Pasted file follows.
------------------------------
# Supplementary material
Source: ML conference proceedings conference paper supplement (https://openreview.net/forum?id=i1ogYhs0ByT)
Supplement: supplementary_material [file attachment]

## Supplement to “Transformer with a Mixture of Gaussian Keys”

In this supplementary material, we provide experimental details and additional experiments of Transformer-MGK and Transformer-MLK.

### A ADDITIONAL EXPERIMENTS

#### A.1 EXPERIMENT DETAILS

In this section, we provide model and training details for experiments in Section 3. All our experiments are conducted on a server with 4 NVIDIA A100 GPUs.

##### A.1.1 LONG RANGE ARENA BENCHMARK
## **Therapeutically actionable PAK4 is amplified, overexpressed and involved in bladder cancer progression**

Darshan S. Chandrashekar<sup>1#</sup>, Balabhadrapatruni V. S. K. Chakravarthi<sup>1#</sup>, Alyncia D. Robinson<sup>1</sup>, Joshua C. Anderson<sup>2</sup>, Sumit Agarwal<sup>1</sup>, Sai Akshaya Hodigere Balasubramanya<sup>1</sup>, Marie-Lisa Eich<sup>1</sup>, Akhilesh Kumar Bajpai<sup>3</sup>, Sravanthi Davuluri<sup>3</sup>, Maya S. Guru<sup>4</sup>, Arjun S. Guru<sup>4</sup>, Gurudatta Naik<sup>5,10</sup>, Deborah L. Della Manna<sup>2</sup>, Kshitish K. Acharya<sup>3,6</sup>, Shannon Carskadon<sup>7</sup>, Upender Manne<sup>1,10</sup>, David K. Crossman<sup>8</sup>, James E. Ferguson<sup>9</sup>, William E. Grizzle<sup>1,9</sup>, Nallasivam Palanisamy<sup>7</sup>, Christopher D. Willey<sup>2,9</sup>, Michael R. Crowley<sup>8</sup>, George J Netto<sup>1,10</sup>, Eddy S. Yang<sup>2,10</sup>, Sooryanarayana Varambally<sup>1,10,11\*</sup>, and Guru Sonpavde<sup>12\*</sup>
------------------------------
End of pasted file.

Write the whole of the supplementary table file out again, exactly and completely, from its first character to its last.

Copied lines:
# Supplementary material
Source: ML conference proceedings conference paper supplement (https://openreview.net/forum?id=i1ogYhs0ByT)
Supplement: supplementary_material [file attachment]

## Supplement to “Transformer with a Mixture of Gaussian Keys”

In this supplementary material, we provide experimental details and additional experiments of Transformer-MGK and Transformer-MLK.

### A ADDITIONAL EXPERIMENTS

#### A.1 EXPERIMENT DETAILS

In this section, we provide model and training details for experiments in Section 3. All our experiments are conducted on a server with 4 NVIDIA A100 GPUs.

##### A.1.1 LONG RANGE ARENA BENCHMARK
## **Therapeutically actionable PAK4 is amplified, overexpressed and involved in bladder cancer progression**

Darshan S. Chandrashekar<sup>1#</sup>, Balabhadrapatruni V. S. K. Chakravarthi<sup>1#</sup>, Alyncia D. Robinson<sup>1</sup>, Joshua C. Anderson<sup>2</sup>, Sumit Agarwal<sup>1</sup>, Sai Akshaya Hodigere Balasubramanya<sup>1</sup>, Marie-Lisa Eich<sup>1</sup>, Akhilesh Kumar Bajpai<sup>3</sup>, Sravanthi Davuluri<sup>3</sup>, Maya S. Guru<sup>4</sup>, Arjun S. Guru<sup>4</sup>, Gurudatta Naik<sup>5,10</sup>, Deborah L. Della Manna<sup>2</sup>, Kshitish K. Acharya<sup>3,6</sup>, Shannon Carskadon<sup>7</sup>, Upender Manne<sup>1,10</sup>, David K. Crossman<sup>8</sup>, James E. Ferguson<sup>9</sup>, William E. Grizzle<sup>1,9</sup>, Nallasivam Palanisamy<sup>7</sup>, Christopher D. Willey<sup>2,9</sup>, Michael R. Crowley<sup>8</sup>, George J Netto<sup>1,10</sup>, Eddy S. Yang<sup>2,10</sup>, Sooryanarayana Varambally<sup>1,10,11\*</sup>, and Guru Sonpavde<sup>12\*</sup>